John Bethune of B2B Memes explains why in the digital age the market value of writing isn’t in the word count, but in the experience, insights, and connections of the writer.
A recent conversation on ASBPE’s LinkedIn group focused on whether freelancers should be paid the same amount per word online as in print. The lack of an obvious answer (to me, at least) got me wondering whether word rate is a useful metric any more. Are words really what freelancers are selling now?
I think not. But it’s a difficult habit of mind for both freelancers and editors to break. Even today, when they discuss payment, they often speak in terms of word rates. And even when the offer is a flat fee or an hourly rate, one or both of the parties will make a quick estimate of how much is being paid per word.
For many decades in the print era, word rate was a convenient gauge for reckoning value. But in the digital age, it’s next to worthless. Why? Because words themselves are worth next to nothing.
My point is not that the value freelancers offer has in any way diminished. Rather, it’s that when words become a commodity, they are an increasingly bad proxy for that value. Editors and freelancers alike need to start thinking about the valuation of what they offer each other in entirely new ways, and look for new forms of exchange.
Until 15 or 20 years ago, the economics of print magazines meant that published words were a relative scarcity, so they were worth something. With a finite and fixed number of editorial pages, determined by the number of ad pages sold in an issue, it made sense to think in terms of cost per unit — whether the unit was a page or a word.
In today’s digital media, though, those unit-based costs are too small to be of use. Pages are infinitely long and cost little to produce, and words are a commodity. Accordingly, their market value has steadily declined.
As a professional freelancer, you might argue that some words are better than others, and that yours deserve a much higher valuation. But words are just words. What distinguishes you as a freelancer isn’t ultimately your words, but the intelligence, experience, insights, and connections you bring to them. That’s what you’re being paid for, not a mass of letters separated by spaces and punctuation.
So why worry that Demand Media only pays $15 dollars for a post? It’s a minimal amount for a de minimis commodity, a few hundred words. That’s not what professional freelancers are selling and doesn’t devalue their work. Words are just one expression of the things that give freelancers value. They’re also offering their reputation, their network-building skills, their ability to influence others, and more. Editors of the future in search of more than commodity content will need to base freelance pay on all of these assets, not just word counts.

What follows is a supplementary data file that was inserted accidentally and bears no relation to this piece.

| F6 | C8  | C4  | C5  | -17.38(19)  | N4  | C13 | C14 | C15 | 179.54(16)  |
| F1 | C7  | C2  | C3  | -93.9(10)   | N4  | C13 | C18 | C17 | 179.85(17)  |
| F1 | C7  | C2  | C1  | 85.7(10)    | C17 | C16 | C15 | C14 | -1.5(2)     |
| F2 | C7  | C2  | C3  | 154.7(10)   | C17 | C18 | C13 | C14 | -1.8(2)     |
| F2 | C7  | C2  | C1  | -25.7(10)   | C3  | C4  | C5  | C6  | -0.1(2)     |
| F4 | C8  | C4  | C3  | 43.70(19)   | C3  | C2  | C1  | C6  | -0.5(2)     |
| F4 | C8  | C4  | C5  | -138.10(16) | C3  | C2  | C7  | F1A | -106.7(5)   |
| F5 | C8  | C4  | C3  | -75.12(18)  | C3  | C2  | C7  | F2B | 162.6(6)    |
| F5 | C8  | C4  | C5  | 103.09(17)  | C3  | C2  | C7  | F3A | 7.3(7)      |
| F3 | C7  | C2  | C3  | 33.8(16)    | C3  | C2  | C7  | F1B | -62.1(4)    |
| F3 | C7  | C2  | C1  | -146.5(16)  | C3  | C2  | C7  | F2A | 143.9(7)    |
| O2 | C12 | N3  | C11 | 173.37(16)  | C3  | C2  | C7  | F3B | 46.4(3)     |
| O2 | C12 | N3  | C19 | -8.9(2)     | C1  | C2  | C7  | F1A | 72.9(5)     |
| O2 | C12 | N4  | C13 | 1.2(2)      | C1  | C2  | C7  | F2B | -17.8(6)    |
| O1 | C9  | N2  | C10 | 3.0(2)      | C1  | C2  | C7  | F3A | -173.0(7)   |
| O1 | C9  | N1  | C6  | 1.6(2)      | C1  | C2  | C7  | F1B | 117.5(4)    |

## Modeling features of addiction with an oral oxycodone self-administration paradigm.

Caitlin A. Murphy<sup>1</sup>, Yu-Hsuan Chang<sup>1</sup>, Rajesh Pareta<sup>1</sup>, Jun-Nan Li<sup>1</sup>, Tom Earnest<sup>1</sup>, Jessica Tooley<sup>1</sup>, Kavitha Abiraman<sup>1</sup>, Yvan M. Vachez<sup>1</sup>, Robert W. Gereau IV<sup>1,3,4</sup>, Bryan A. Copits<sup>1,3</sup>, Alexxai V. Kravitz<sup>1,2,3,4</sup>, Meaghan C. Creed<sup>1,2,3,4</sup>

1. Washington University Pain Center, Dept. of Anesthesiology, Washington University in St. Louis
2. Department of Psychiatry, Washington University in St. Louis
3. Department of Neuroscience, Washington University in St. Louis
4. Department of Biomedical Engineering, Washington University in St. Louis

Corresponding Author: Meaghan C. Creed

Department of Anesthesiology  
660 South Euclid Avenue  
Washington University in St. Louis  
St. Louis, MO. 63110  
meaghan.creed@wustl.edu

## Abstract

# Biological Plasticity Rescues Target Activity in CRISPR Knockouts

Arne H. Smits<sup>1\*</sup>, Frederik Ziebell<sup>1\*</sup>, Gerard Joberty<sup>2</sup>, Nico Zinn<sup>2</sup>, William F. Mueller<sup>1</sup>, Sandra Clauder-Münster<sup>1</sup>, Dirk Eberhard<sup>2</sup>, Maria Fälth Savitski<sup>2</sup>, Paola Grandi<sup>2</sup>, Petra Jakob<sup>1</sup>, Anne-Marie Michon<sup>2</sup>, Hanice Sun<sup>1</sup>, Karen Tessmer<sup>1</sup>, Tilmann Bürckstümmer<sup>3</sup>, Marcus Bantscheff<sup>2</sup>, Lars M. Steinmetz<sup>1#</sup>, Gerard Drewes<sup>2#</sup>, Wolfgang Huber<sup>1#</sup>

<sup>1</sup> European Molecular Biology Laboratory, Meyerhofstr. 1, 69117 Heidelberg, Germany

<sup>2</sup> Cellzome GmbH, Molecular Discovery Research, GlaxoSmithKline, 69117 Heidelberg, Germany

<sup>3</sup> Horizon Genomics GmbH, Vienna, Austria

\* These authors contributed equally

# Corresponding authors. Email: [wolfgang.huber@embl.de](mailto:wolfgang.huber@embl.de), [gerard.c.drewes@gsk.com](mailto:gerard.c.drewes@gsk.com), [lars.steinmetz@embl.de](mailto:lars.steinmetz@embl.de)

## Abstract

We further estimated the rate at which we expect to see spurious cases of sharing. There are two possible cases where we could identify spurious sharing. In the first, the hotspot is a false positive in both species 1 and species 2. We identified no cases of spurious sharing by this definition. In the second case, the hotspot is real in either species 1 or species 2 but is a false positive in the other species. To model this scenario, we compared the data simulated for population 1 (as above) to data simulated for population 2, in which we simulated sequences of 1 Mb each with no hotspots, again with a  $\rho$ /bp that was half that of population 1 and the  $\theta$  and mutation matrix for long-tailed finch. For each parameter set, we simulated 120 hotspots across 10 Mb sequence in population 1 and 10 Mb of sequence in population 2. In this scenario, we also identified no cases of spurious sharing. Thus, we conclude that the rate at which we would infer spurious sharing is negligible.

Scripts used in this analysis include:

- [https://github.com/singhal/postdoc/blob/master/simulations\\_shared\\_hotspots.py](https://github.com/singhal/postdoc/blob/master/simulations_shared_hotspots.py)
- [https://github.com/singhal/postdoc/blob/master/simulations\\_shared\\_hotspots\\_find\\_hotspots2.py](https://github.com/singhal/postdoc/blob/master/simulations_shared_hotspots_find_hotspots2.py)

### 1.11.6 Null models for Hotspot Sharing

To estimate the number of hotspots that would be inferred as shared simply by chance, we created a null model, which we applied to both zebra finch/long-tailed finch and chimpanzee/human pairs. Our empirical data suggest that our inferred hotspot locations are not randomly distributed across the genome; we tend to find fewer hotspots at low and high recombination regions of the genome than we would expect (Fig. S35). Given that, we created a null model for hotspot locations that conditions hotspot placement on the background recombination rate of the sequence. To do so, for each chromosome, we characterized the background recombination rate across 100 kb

One approach that makes sense is pay for performance. In a thoughtful recent blog post , Tam Harbert proposes just that.
Publishers also seem to be moving in that direction. Already, some like Seeking Alpha and Bleacher Report have started paying contributors based on the page views they generate. Others, like Examiner.com, are looking at quality-based incentives. I’m not aware of any sites so far that base pay on the number of people who “like,” retweet, or otherwise recommend a writer’s story, as Harbert proposes. But in a world dominated by social media, it seems inevitable that other publishers will look past mere traffic and reward writers for the social buzz they generate.
By abandoning the the idea that they’re being paid for words, freelancers can begin thinking of their writing not as the sole source of their income, but as the foundational component of a portfolio career, with multiple, diverse streams of income. As Adam Westbrook has documented from his own experience, activities like consulting, speaking, teaching, and self-publishing can make freelancing both more sustainable and more fulfilling.
For their part, editors should give more than lip service to the non-monetary ways they can help freelancers. The intangible and often over-rated prestige of appearing in their publications is not enough. Editors can do much more, for instance, to help give freelancers the visibility and personal readership Harbert says they need to make e-books successful. Whether it’s promoting the freelancer’s blog, creating a special section for the freelancer’s work on their site, or including the freelancer in webinars and other events, editors have a lot of support to offer.
Word rate may seem a familiar and convenient tool to both freelancers and editors. But what was once a useful device is now a millstone tied snugly around our necks. We should cast it off once and for all. Freelancing will be more challenging and confusing without it, but ultimately more rewarding.
(By the way, ASBPE paid me $0.00 per word for this article. But your comments, pro or con, will be more than adequate recompense.)